I'm currently working on a WordPress plugin of my own that involves a custom login interface. I'm wondering, why is it that when you reset your password on WP-Admin, WordPress stores the reset password key in a cookie rather retrieve it from the URL through $_GET?

For example, if your reset link is https://example.com/wp-admin/?action=rp&key=123123213213213123&login=admin, the link will store $_GET['key'] and $_GET['login'] in a cookie and serve you this page using the cookie: https://example.com/wp-admin/?action=rp.

Are there any security reasons for doing that?

  • Yes. It's definitely because of security reasons Commented Jul 15, 2018 at 6:52
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    Why do you assume there is any answer which is more of a "because"?. Not every line of code has some deep thought behind it. Commented Jul 15, 2018 at 9:14

3 Answers 3


To be honest? It's a little bit hard to say...

This behavior was introduced in 3.9.2 (which is security release). Here's the bug in Trac: 29060: Don't pass around the resetpass key, but there isn't much info on why was it introduced in the bug report.

Is it for security reasons? Most probably. But does it really make the process more secure? It's a little bit hard to say...

Both GET params and Cookies are sent in every request - so attacker still can intercept them. It just makes such attempts a little bit harder (since you have to get pass_key and it's hashed value).

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    This is a very long way to say "I do not know as well" ;). Upvoted because otherwise the question will keep poping up, while the only place to get an authoritative answer will be to ask nacin himself. Commented Jul 15, 2018 at 9:16
  • @MarkKaplun yes and no. There’s a question about that change in the bug report I’ve mentioned. It’s 22 months old now and still has no answer ;) It just makes MiM attacks a little bit harder, I guess... I don’t see any other reason for that in the code... Commented Jul 15, 2018 at 9:21
  • I don't know, maybe in 3.9 you had to do it to handle some actual security issue, but further changes in later releases made that change obsolete, and the only reason the code works now like it does is because no one felt like it needs to be changed again. So knowing the reason for the original change, might still not explain why it works like it does in 4.9. BTW I am pretty sure MiM has nothing to do with that, my guess is probably handling brute force attacks against the password reset Commented Jul 15, 2018 at 9:43
  • @MarkKaplun I guess using nonces would be the fix for BF attacks. This doesn't solve it - you can easily obtain hashed value from server and it doesn't get changed, so... It's sad that there is no docs for this bug/fix - Nacin just requested that change and that's all info you can find now... So I'm afraid, today, nobody knows/remembers why it is like so ;) Commented Jul 15, 2018 at 9:49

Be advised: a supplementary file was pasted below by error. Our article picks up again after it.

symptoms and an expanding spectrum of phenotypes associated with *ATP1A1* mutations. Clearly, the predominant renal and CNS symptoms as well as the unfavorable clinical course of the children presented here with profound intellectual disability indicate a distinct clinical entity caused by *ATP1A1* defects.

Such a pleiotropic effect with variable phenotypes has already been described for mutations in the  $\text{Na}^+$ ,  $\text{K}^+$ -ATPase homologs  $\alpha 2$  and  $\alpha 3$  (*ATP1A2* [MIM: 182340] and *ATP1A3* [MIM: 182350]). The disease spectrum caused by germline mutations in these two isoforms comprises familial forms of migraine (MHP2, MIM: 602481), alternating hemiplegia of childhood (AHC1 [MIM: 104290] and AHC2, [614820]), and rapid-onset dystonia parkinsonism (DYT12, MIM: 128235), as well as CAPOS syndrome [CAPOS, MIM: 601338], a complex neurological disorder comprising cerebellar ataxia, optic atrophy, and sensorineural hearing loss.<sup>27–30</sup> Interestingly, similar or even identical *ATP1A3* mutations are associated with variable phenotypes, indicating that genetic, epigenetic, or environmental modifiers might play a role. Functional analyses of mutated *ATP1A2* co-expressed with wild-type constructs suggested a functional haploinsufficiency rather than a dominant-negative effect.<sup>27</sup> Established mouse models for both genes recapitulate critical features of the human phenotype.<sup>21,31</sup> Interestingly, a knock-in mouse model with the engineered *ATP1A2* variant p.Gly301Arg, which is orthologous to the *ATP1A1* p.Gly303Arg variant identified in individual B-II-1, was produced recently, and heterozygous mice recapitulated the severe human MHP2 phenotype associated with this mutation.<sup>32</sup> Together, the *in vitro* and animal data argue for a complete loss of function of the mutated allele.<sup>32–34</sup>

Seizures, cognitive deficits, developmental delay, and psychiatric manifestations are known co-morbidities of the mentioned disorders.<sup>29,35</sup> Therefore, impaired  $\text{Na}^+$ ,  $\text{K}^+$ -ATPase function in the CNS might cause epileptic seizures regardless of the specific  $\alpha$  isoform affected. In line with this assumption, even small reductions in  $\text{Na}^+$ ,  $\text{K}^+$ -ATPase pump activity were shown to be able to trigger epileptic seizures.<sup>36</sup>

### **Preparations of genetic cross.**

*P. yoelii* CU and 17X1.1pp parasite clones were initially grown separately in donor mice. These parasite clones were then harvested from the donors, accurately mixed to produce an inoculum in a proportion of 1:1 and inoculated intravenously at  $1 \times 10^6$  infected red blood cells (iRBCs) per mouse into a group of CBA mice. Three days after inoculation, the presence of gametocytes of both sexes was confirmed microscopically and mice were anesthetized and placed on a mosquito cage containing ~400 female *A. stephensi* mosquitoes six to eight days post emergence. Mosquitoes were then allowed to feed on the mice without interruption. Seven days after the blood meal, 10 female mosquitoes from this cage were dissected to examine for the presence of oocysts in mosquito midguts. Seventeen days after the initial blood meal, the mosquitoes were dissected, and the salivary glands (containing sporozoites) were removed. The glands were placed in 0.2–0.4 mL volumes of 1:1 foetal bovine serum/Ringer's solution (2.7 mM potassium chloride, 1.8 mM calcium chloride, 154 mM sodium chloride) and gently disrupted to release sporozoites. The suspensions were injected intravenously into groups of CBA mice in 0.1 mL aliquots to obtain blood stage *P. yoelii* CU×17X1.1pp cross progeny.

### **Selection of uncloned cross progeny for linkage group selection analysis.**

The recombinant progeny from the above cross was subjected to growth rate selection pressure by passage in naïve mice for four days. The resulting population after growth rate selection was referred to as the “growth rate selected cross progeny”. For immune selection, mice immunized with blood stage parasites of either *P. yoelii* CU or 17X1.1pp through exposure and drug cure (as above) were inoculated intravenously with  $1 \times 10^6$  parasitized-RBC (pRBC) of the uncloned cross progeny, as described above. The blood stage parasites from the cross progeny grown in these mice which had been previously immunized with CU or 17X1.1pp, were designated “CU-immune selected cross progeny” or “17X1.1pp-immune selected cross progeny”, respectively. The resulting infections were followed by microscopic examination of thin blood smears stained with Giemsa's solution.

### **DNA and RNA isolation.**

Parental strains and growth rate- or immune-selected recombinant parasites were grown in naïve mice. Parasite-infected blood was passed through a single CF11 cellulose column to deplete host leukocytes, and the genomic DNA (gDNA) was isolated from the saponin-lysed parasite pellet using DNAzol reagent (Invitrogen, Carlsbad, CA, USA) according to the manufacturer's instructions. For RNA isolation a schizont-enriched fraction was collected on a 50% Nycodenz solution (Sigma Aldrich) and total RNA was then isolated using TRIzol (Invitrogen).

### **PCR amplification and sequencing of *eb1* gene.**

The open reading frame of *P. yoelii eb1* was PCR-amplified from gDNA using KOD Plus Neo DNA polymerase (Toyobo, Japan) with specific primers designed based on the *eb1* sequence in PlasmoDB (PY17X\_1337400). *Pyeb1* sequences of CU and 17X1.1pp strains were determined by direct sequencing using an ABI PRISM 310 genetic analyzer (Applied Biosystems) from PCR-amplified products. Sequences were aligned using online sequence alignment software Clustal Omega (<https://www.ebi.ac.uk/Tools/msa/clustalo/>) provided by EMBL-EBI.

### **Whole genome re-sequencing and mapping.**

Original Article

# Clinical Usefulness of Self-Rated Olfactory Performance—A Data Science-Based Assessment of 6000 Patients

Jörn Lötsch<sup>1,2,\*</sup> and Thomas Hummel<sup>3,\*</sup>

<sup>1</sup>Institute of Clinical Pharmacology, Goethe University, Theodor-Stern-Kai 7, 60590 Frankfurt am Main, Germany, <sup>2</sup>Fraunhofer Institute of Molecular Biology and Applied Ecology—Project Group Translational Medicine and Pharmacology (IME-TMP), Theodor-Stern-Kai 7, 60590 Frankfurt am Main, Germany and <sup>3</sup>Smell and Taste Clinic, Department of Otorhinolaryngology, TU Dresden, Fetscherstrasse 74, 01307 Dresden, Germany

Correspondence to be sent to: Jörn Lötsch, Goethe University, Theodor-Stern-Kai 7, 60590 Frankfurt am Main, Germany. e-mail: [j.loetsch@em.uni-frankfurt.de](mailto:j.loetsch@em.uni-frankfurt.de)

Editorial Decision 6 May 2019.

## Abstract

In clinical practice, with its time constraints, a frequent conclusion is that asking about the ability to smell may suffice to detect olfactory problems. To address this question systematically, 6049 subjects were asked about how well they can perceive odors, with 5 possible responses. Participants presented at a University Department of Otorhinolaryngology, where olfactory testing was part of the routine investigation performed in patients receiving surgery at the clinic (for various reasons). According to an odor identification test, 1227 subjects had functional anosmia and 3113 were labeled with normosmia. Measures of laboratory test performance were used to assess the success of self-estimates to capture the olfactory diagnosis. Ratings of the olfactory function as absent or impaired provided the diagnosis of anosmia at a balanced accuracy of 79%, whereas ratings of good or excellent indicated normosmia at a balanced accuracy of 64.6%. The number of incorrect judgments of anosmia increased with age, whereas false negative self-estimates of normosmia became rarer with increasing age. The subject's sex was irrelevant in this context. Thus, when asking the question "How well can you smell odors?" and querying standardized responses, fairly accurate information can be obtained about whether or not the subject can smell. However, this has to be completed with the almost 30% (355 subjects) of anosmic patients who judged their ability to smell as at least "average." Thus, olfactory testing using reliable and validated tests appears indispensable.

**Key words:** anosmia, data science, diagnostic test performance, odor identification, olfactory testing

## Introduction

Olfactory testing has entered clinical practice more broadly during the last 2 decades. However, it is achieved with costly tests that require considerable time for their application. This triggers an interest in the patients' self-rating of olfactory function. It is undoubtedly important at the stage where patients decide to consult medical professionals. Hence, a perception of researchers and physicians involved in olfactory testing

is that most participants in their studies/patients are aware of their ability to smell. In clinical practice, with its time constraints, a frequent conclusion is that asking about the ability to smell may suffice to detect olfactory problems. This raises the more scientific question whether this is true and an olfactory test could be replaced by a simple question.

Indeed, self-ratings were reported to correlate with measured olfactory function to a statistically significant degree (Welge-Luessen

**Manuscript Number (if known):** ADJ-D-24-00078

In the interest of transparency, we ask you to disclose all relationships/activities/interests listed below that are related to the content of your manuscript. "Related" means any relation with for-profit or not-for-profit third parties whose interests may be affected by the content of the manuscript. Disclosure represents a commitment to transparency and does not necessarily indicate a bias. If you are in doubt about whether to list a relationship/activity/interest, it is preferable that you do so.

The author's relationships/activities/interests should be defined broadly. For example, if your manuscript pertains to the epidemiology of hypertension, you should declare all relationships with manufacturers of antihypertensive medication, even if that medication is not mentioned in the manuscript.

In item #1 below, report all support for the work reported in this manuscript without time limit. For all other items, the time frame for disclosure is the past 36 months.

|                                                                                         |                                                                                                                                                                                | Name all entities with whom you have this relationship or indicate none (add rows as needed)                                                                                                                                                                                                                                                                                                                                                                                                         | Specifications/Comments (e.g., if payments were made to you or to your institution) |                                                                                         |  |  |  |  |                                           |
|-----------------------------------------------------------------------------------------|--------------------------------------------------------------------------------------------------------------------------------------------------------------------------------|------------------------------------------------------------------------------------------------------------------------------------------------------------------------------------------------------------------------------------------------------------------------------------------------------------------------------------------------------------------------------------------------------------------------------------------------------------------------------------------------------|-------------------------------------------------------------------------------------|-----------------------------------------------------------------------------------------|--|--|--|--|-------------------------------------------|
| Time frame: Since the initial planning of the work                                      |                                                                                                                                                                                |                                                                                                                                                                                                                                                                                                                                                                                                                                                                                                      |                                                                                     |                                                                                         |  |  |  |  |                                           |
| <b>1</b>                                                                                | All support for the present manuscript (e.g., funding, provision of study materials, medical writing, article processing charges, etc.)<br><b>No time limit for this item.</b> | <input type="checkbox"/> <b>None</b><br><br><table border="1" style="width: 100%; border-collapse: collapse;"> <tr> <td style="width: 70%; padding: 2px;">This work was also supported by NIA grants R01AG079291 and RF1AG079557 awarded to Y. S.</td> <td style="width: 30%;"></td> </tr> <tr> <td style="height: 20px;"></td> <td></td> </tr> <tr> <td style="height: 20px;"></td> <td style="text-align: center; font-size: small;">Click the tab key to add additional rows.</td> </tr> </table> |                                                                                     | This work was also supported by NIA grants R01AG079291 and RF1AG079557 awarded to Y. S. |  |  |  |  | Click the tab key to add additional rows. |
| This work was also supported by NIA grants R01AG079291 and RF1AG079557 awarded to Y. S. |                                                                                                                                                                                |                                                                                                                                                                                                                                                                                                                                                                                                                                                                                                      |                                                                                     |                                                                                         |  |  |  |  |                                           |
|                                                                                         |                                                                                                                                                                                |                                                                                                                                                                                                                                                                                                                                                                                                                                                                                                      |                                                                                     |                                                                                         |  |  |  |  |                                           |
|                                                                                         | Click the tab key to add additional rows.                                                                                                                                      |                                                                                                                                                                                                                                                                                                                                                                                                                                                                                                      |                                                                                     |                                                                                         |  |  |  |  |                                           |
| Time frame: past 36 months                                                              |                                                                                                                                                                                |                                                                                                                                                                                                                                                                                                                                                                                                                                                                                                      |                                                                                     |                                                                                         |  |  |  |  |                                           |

• are you really blaming core in writing a correct code that actually solves correctly the issue? ;). I agree that this change is unlikely by itself to solve any problem (maybe only against very naive attacker). I also looked at CVEs and there is none relating to password resets in 3.9.1 that I could find Commented Jul 15, 2018 at 10:00

There is a couple of security benefits I can think of when you do it this way:

  1. If you go to the reset URL from your email, but forget to do the actual reset, someone having the visual access to your screen (either directly from behind you or from a security camera in front of you screen) has a higher chance of getting the reset URL from your browser address bar with the value of the key attribute. So setting it to Cookie & then redirecting to https://example.com/wp-login.php?action=rp helps in that regard.

  2. It keeps the browser history cleaner. Because of the redirect, key will not show up in the browser history. For example, you are using a little safer browser setting where Cookie is being cleaned after you close the browser window. With key in the browser URL, history may still keep it and someone may use it later without you knowing it (in case you've visited the link but didn't use it). So keeping the key in the Cookie & then redirecting helps in this case as well.

Granted, this is not the most extraordinary security enhancement, however, it's still an improvement (even if these are the only benefits you get from this update).

Note: I don't think this has any serious security benefit like fending off MITM attacks. MITM is same for GET & Cookie. Using HTTPS solves both.

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    1. Isn’t exactly true - it’s in the email, so it will get recorded ;) Commented Jul 15, 2018 at 11:26
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    LOL, yeah. But you can fix that by setting the URL in href ;)
    – Fayaz
    Commented Jul 15, 2018 at 11:27
  • Well, any client still will show it. And it will be visible in the browser before the redirection happens ;) Commented Jul 15, 2018 at 11:29
  • ha ha, for fraction of a second. But it's still an improvement, no?
    – Fayaz
    Commented Jul 15, 2018 at 11:30
  • if we’re talking about using recorders? That’s not an improvement - it still is visible, so will get recorded. It’s pretty hard to explain now, why that change was made, I guess... Commented Jul 15, 2018 at 11:32

I was wondering exactly the same. The best explanation I was able to find was here:


If a user clicks the password reset link from an email and the full url is left in the browser, if they don't reset their password and click an out link on the password reset page, the full password reset link will be shared in the HTTP referer.

Admittedly, Wordpress does not have any out links on wp-login.php, but a lot of people customise this page and it's relatively easy to see the possible security concern.

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